Retraction Watch

Tracking retractions as a window into the scientific process

Marc Hauser resigns from Harvard

with 14 comments

Marc Hauser, the Harvard psychology professor who retracted a paper last year following a university investigation, has resigned his post. As the Boston Globe’s Carolyn Johnson, who broke the original Hauser retraction story, reports:

Marc Hauser, a well-known Harvard psychology professor who has been on leave since an internal investigation found him guilty of eight counts of scientific misconduct, is leaving the university.

“Marc Hauser has resigned his position as a faculty member, effective August 1, 2011,” Harvard spokesman Jeff Neal wrote in an e-mail statement today.

Hauser was a popular professor known for his research and writing on the evolutionary underpinnings of morality and the traits that make the human mind distinct from those of other animals. He took a leave of absence after a faculty investigating committee concluded a three-year investigation — first reported last August by the Globe. But he was due to return to the university this fall, a prospect that made many of his former colleagues uncomfortable.

A large majority of the Harvard psychology faculty had voted not to allow him to teach this year, and Faculty of Arts and Sciences Dean Michael D. Smith had supported the decision.

“While on leave over the past year, I have begun doing some extremely interesting and rewarding work focusing on the educational needs of at-risk teenagers. I have also been offered some exciting opportunities in the private sector,” Hauser wrote in a resignation letter to the dean, dated July 7. “While I may return to teaching and research in the years to come, I look forward to focusing my energies in the coming year on these new and interesting challenges.”

David Dobbs has also been doing good analysis of the case at Neuron Culture.

Hauser joins two other scientists who recently left positions following retractions and investigations into their work: Jatinder Ahluwalia, who is out at the University of East London, and Carsten Carlberg, who is no longer at the University of Luxembourg (but who still has his job at the University of Eastern of Finland, as far as we know).

Written by Ivan Oransky

July 19th, 2011 at 5:34 pm

Comments
  • Pete July 19, 2011 at 10:12 pm

    Surprised that the Globe story doesn’t mention the recent “replication” of some of Hauser’s contested data..

    • LNV July 20, 2011 at 9:27 am

      Can you elaborate on the replications??

    • Herman July 20, 2011 at 11:18 am

      Hauser “replicated” his own study. Most would not consider it a replication until someone else replicates the result. He has a major conflict of interest, to say the least.

      Besides that, maybe be guessed right but cheated to get the original result. Replication changes nothing about the accusations which, apparently, are true.

      • LNV July 20, 2011 at 9:37 pm

        Sorry Ivan, I should have been more specific. As Herman points out, many of us would like to see an independent lab replicate Hauser’s studies.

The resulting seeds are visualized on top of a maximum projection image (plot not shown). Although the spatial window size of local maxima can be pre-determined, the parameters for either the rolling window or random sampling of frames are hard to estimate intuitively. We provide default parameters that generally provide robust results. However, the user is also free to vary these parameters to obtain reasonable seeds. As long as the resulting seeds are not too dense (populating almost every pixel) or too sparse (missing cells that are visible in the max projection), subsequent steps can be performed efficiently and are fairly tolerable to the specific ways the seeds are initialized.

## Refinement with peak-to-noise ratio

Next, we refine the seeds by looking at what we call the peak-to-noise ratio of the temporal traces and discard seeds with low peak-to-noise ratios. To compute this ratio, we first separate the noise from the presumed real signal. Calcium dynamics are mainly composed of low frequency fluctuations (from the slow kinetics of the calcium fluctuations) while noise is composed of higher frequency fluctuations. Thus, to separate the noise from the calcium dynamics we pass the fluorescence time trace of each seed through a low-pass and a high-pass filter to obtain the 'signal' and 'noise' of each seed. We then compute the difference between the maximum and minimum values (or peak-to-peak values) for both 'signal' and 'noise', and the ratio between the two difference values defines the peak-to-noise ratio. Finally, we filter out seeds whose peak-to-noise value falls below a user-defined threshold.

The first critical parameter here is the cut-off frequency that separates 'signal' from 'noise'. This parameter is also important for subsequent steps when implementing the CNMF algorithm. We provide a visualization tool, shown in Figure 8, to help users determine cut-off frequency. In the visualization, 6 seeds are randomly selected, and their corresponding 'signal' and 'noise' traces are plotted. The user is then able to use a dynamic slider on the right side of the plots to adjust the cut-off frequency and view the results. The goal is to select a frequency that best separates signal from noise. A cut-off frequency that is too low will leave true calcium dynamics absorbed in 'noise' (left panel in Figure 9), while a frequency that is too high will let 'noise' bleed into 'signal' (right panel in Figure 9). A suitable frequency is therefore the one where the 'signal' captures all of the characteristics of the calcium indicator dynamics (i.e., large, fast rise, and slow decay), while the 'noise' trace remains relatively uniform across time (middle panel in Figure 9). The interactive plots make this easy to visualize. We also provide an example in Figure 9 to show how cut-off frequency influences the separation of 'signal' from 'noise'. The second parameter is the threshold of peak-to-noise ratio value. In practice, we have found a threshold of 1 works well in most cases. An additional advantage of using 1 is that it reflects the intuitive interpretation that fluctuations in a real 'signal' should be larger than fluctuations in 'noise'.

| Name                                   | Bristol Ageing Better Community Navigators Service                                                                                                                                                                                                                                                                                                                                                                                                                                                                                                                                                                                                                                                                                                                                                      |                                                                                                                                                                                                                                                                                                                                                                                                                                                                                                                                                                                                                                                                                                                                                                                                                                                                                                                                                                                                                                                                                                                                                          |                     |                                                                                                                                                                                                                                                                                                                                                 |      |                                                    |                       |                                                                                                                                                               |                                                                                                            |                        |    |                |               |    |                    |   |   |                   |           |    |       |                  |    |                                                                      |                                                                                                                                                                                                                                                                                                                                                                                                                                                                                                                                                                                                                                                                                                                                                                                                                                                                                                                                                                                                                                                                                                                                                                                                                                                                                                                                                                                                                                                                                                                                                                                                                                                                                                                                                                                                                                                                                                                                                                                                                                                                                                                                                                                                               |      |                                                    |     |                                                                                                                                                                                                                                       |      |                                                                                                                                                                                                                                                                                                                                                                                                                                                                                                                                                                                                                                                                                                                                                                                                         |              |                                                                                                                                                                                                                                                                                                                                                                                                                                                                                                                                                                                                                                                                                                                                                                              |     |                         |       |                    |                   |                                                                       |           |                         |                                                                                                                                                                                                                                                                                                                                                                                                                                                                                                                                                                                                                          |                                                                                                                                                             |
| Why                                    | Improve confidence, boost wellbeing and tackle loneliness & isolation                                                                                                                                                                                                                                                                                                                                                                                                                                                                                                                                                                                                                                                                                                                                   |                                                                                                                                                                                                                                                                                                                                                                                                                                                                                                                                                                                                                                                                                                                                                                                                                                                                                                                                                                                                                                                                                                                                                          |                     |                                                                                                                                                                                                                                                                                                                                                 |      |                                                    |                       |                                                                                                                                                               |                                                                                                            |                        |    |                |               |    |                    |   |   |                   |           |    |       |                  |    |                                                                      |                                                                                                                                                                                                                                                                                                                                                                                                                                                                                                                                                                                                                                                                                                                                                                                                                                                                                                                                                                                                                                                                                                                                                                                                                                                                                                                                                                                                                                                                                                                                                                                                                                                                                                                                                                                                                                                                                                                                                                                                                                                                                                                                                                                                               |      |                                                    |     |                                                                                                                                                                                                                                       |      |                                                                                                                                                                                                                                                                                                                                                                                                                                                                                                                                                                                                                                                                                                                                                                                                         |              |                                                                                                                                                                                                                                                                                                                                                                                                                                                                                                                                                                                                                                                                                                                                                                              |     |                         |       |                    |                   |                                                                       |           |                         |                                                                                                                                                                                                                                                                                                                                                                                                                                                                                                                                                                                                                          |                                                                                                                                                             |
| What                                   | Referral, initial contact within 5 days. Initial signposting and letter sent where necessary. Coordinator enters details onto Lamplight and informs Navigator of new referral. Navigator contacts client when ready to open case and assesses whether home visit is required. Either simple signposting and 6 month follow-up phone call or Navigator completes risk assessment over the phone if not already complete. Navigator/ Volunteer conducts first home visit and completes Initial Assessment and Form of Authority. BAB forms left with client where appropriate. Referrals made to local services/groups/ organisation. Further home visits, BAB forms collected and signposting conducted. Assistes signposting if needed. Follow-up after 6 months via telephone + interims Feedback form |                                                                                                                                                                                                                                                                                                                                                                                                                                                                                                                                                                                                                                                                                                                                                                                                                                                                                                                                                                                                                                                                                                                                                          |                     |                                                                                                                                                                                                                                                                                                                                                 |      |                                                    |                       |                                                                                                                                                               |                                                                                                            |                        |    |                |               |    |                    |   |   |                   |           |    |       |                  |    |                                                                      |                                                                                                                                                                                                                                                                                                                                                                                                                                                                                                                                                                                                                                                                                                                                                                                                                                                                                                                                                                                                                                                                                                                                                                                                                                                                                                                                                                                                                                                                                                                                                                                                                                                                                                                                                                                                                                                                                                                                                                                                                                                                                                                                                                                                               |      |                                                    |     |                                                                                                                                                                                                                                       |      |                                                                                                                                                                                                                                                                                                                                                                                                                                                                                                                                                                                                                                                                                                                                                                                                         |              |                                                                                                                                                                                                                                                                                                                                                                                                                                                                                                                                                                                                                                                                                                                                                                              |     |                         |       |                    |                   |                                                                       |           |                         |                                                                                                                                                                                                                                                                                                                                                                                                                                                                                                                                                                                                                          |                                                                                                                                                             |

• V July 20, 2011 at 7:25 am

    There is something so odd about this guy who writes books about how we’re genetically programmed to be moral and fair, all the while committing fraud to get ahead of his own competition.

    Now he wants to help troubled teens. That’s …. nice?

    This whole thing is very strange. I hope his collaborators who acted in good faith aren’t too tarnished by the scandal.

  • reddwarf1 July 21, 2011 at 2:48 am

    scandal like this can set back genuine research, as people are more reluctant to become involved. need more in depth investigation at the planning stage.

  • Conrad T Seitz MD July 21, 2011 at 8:25 am

    Harvard has its good and bad points.
    By the way, does anyone remember Mendel’s experiments with corn that establshed the basis of genetics? Statistical analysis of his results concluded that they were impossibly good. Apparently, he cherry-picked his results because he knew nothing about statistics… but he was right, in fact he was prescient; he studied eight traits, each of them on a different one of corn’s eight chromosomes. No trouble with recombination there.
    Dear V: are you that because you’re a Thomas Pynchon fan? Just guessing.

    • Klaus July 25, 2011 at 9:43 am

      Corn?

      • Brendan McKay July 26, 2011 at 12:52 am

        It was peas that Mendel worked with. Also, it is by no means universally accepted that Mendel cooked his results. An example of a dissenting view is C. E. Novitski, “On Fisher’s Criticism of Mendel’s Results With the Garden Pea”. Genetics 166 (3): 1133–1136. doi:10.1534/genetics.166.3.1133.

      • plemplem July 26, 2011 at 10:22 am

        Barbara McClintock was the corn genetics lady.

  • Conrad T Seitz MD July 27, 2011 at 1:58 pm

    Sorry, peas. I just think it was fortuitous that he picked eight (I think) traits, each of which was on a different chromosome. Personally, I think that–having no knowledge of statistics–he did a lot more experiments than he reported. Then he picked the ones that came out the best. Just guessing. Wouldn’t you do the same? That is, if you didn’t know that your results were highly significant already.

  • Saiwing Yeung August 15, 2011 at 3:28 pm

    interesting blog! I am wondering if you would consider adding a psychology/cognitive science category (so that I can subscribe to that feed)? Right now the closest I see are psychiatry and neuroscience. Neither describes this (Hauser) kind of research very well. Thank you in advance!

    • ivanoransky August 15, 2011 at 5:59 pm

      Done. Thanks for the suggestion. We’re still categorizing all of the posts, so stay tuned.

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